|The 'guilt aisles'|
The piece was about food companies agreeing a standardised labelling system to help consumers choose the healthiest option. ( It’s only taken ten years and will probably take another ten while they argue over the particular shade of red, amber and green and another generation stores up future health problems.)
James Naughtie questioned her as to why Asda was one of the worst offending supermarkets when it came to putting sweets at kid height in check out aisles.The Asda’s spokesperson must have wanted the ground to swallow her after saying only two out of three aisles were ‘guilt aisles’ and James Naughtie pounced on the obvious interpretation that the others must therefore be ‘not guilty aisles.’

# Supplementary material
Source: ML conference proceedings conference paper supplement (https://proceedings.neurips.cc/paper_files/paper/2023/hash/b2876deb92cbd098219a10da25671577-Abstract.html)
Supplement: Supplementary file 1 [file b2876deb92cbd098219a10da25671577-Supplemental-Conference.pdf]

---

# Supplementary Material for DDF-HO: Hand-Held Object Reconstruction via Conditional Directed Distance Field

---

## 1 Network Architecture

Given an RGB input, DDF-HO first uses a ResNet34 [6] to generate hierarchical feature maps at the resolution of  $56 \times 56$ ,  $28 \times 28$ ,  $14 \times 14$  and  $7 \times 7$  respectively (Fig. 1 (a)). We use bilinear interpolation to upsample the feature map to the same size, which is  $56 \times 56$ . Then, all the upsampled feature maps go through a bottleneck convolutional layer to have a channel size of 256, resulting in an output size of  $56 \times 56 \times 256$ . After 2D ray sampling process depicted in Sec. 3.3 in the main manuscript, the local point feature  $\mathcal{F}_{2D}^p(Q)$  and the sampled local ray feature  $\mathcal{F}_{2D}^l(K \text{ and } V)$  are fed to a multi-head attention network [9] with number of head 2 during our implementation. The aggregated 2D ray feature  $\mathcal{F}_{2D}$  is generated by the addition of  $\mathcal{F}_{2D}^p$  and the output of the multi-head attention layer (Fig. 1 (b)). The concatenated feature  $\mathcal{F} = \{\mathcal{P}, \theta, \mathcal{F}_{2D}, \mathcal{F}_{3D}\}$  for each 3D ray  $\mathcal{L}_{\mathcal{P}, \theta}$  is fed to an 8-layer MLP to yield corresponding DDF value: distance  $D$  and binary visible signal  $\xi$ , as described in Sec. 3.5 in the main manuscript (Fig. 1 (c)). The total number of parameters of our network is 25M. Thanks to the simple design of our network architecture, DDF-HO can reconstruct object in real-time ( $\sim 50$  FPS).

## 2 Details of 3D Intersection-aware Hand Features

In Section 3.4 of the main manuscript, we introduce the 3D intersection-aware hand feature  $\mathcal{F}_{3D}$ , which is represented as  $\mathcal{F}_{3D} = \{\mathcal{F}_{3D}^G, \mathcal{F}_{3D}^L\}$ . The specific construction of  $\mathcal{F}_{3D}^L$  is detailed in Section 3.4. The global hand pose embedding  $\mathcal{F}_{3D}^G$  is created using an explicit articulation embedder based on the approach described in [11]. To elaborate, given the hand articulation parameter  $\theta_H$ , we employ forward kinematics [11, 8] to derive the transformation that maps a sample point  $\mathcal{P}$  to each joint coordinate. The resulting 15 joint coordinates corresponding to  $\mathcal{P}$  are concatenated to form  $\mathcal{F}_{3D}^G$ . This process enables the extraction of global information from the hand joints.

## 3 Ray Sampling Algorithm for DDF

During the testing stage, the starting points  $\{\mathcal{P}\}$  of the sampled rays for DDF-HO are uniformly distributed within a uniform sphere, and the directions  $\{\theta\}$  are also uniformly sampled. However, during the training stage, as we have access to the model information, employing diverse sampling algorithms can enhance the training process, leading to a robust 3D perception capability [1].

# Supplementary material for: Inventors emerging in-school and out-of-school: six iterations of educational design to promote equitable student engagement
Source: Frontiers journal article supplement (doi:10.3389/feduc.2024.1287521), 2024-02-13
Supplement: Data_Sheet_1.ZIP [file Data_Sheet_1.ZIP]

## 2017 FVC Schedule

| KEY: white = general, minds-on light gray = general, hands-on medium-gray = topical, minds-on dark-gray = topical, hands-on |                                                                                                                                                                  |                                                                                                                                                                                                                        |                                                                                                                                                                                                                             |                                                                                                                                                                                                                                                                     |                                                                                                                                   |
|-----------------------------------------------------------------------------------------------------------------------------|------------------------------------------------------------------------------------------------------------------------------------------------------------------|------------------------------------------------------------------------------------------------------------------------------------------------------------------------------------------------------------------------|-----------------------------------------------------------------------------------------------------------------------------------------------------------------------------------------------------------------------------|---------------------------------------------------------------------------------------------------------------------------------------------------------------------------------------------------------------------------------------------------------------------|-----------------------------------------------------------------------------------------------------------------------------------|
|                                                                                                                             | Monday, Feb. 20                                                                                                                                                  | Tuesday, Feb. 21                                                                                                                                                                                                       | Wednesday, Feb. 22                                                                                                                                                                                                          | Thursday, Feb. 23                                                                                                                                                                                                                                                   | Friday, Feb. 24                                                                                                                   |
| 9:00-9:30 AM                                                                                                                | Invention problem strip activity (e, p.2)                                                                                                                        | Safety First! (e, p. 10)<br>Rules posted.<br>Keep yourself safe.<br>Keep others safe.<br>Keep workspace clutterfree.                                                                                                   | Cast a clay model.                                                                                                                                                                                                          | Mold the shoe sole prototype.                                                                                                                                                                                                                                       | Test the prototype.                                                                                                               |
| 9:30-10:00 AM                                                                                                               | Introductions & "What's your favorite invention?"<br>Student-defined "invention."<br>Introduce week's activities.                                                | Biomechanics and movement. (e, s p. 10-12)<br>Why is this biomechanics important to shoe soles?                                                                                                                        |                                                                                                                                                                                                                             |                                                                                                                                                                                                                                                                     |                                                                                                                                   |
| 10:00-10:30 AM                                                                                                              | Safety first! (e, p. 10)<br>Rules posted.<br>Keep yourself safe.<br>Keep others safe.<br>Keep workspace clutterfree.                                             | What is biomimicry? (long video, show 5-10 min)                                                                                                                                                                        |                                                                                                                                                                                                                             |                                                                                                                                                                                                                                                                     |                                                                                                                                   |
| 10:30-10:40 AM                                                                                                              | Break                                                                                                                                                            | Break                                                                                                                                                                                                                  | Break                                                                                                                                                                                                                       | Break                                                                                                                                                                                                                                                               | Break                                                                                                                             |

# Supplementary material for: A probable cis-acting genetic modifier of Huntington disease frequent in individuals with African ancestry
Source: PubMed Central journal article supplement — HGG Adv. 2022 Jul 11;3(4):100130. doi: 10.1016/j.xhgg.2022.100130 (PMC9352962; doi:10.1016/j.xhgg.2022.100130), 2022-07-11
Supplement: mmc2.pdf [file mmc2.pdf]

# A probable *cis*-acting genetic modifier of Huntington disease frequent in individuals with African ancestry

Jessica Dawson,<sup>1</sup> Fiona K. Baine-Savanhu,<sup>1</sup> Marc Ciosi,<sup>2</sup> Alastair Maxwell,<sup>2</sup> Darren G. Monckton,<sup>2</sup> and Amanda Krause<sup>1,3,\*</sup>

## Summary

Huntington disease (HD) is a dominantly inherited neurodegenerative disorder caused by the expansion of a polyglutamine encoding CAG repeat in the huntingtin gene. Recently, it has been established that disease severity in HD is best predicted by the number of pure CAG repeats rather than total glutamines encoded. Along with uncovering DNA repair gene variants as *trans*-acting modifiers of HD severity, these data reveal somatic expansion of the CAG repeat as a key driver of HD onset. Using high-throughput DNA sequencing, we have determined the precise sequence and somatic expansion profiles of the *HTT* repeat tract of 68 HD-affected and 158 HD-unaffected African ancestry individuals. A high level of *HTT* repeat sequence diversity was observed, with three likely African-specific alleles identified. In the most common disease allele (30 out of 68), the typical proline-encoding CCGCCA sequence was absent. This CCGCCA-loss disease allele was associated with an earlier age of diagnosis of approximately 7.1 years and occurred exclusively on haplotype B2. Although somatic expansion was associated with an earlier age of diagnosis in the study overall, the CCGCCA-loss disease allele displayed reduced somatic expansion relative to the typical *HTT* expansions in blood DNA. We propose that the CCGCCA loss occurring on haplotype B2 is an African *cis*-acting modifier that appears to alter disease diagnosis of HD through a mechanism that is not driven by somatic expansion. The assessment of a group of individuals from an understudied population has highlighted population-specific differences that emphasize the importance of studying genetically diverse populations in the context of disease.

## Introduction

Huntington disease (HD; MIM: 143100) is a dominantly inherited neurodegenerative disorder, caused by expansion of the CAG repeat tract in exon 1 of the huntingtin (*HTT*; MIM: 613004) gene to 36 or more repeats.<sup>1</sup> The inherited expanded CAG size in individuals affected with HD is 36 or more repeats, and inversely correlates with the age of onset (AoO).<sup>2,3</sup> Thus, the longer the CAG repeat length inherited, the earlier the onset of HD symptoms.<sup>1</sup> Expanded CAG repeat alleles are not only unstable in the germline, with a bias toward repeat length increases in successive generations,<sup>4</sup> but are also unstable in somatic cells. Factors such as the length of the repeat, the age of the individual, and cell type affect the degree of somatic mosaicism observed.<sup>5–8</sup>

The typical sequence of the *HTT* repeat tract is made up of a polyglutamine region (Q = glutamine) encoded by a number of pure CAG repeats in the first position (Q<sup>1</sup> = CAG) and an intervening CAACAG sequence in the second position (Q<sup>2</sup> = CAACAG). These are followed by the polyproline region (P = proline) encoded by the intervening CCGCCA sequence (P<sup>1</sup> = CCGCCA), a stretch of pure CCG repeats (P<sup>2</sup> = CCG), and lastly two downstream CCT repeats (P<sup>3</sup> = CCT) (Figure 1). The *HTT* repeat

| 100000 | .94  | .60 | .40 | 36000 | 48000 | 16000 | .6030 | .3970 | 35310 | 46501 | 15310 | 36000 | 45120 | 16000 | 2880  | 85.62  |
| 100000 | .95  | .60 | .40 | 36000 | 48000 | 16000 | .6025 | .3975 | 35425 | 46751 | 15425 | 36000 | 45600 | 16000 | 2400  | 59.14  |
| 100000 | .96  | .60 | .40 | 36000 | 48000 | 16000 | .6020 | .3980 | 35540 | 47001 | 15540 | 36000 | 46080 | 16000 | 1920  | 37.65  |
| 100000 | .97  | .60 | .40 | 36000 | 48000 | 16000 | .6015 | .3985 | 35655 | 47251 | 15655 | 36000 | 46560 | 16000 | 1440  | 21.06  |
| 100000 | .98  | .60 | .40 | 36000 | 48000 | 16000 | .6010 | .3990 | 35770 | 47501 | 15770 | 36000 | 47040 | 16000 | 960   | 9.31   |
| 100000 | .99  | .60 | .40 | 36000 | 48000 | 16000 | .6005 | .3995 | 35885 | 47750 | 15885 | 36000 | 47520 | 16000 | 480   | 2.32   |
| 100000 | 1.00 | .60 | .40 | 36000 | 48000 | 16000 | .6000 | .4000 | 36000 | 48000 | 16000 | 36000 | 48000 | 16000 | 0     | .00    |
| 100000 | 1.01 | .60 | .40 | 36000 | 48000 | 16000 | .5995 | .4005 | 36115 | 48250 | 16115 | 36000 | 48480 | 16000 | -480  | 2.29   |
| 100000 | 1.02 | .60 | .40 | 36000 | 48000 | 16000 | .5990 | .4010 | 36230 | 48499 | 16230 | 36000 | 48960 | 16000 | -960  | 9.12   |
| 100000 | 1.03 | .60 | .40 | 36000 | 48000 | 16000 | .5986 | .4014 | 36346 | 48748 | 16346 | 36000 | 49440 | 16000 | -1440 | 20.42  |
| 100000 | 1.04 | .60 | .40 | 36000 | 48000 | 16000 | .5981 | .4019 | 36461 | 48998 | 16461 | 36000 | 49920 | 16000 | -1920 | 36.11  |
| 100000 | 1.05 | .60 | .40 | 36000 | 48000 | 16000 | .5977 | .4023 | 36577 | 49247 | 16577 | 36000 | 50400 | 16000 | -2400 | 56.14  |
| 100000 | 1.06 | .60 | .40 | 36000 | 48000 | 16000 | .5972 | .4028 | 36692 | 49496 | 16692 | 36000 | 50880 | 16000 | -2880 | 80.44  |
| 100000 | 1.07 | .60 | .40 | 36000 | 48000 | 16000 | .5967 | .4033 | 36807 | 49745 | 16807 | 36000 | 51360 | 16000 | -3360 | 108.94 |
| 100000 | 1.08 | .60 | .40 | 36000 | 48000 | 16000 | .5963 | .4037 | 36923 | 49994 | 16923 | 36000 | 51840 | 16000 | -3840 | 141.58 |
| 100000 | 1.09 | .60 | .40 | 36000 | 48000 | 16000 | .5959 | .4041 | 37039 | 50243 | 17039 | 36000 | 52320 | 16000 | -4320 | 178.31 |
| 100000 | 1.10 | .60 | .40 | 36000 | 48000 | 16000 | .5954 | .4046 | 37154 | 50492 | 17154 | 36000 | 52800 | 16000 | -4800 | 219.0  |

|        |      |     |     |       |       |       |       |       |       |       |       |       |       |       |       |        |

When she found her words again, she went on to say that there is no evidence to suggest that placing sweets next to check outs changes what parents put in their basket.
So, it begs the question; why are they called guilt aisles if it doesn’t increase the number of sweets sold?Those colourful sweet wrappers must be for decoration only.